Tata Steel has confirmed its intention to cut up to 2,800 job at the Port Talbot steelworks in South Wales, with nearly 90 per cent of redundancies falling in the next 18 months.
The slashes, first reported late yesterday, come as part of a transition to make the steel-making site greener by decommissioning its blast furnaces and replacing them with electric arc furnaces
The Indian steel giant plans to “maximise” voluntary redundancy before seeking any compulsory reductions in workforce and plans to support those laid off with a £130m support package featuring additional training, community support and job-seeker alternatives.
Tata Steel and the UK and Welsh governments have also established a dedicated Transition Board to support potentially affected employees, contractor employees and their communities, with £100 million funding for short-term support and long-term economic regeneration.
T V Narendran, Tata Steel’s chief executive, said: “The course we are putting forward is difficult, but we believe it is the right one.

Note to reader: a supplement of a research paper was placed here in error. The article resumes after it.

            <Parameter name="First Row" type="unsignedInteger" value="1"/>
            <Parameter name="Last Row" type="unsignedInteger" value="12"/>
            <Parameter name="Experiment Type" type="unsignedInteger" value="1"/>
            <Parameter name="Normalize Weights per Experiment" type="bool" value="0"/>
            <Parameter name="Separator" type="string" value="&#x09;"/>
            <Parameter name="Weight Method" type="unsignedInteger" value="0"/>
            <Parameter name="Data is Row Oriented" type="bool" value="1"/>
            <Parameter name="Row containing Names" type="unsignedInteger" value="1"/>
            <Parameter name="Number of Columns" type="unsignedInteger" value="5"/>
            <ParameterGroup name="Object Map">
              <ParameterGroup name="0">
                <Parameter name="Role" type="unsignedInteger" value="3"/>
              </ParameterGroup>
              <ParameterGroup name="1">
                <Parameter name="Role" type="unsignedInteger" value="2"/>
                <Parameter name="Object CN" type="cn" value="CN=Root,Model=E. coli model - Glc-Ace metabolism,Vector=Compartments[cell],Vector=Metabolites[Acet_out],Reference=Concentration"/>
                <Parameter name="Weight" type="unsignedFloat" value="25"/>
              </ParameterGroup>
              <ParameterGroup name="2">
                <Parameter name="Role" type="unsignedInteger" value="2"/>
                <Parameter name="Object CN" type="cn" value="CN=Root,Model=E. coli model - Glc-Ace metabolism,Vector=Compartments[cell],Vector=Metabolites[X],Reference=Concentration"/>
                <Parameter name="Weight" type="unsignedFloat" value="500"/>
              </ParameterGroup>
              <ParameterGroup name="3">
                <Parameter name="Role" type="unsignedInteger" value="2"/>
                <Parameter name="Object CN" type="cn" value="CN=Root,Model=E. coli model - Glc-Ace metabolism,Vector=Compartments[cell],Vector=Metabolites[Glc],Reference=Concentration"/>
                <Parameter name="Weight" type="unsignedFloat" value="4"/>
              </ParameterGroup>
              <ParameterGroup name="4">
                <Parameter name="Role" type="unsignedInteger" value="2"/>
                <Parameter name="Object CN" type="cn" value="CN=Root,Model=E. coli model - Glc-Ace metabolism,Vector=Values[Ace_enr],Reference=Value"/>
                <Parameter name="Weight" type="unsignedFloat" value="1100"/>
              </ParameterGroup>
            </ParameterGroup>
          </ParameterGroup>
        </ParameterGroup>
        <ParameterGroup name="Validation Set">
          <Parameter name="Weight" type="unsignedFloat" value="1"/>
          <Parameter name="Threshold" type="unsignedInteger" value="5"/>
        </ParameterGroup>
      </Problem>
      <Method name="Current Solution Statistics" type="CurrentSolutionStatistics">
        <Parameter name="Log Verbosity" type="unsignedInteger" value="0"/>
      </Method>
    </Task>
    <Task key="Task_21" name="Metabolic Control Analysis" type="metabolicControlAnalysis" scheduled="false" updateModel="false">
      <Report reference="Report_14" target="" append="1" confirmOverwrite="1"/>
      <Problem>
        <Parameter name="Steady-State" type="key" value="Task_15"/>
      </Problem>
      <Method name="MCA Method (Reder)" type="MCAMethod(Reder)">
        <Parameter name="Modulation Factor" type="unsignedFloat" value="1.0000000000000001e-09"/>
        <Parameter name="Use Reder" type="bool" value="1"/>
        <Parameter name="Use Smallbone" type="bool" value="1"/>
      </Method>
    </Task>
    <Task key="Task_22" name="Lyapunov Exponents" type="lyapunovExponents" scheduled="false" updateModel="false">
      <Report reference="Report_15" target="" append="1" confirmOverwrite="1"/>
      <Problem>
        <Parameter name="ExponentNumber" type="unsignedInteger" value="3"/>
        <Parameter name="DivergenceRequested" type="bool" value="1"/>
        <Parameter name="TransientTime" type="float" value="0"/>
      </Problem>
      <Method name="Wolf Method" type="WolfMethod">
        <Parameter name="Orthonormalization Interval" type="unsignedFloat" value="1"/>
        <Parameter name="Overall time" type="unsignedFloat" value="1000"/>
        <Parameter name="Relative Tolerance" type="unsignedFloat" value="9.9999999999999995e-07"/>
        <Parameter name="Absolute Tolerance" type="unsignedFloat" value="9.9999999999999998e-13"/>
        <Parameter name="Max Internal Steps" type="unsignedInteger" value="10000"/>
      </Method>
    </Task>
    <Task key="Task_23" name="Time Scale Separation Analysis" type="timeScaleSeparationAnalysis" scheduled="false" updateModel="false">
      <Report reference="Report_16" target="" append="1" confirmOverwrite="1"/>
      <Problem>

“Having invested almost £5bn in the UK business since 2007, we must transform at pace to build a sustainable business in the UK for the long-term and our ambitious plan includes the largest capital expenditure in UK steel production in more than a decade, guaranteeing long-term, high-quality steel production in the UK and transforming the Port Talbot facility into one of Europe’s premier centres for green steelmaking.”
Stephen Kinnock, Labour MP for Aberavon, home of the Port Talbot plant, told Sky News: “Steel is the beating heart of manufacturing and of our entire infrastructure and, of course, of our national security.
“There isn’t a single household in my Aberavon constituency that isn’t connected to the steelworks in some way, and the impact would be utterly devastating.”
By City AM
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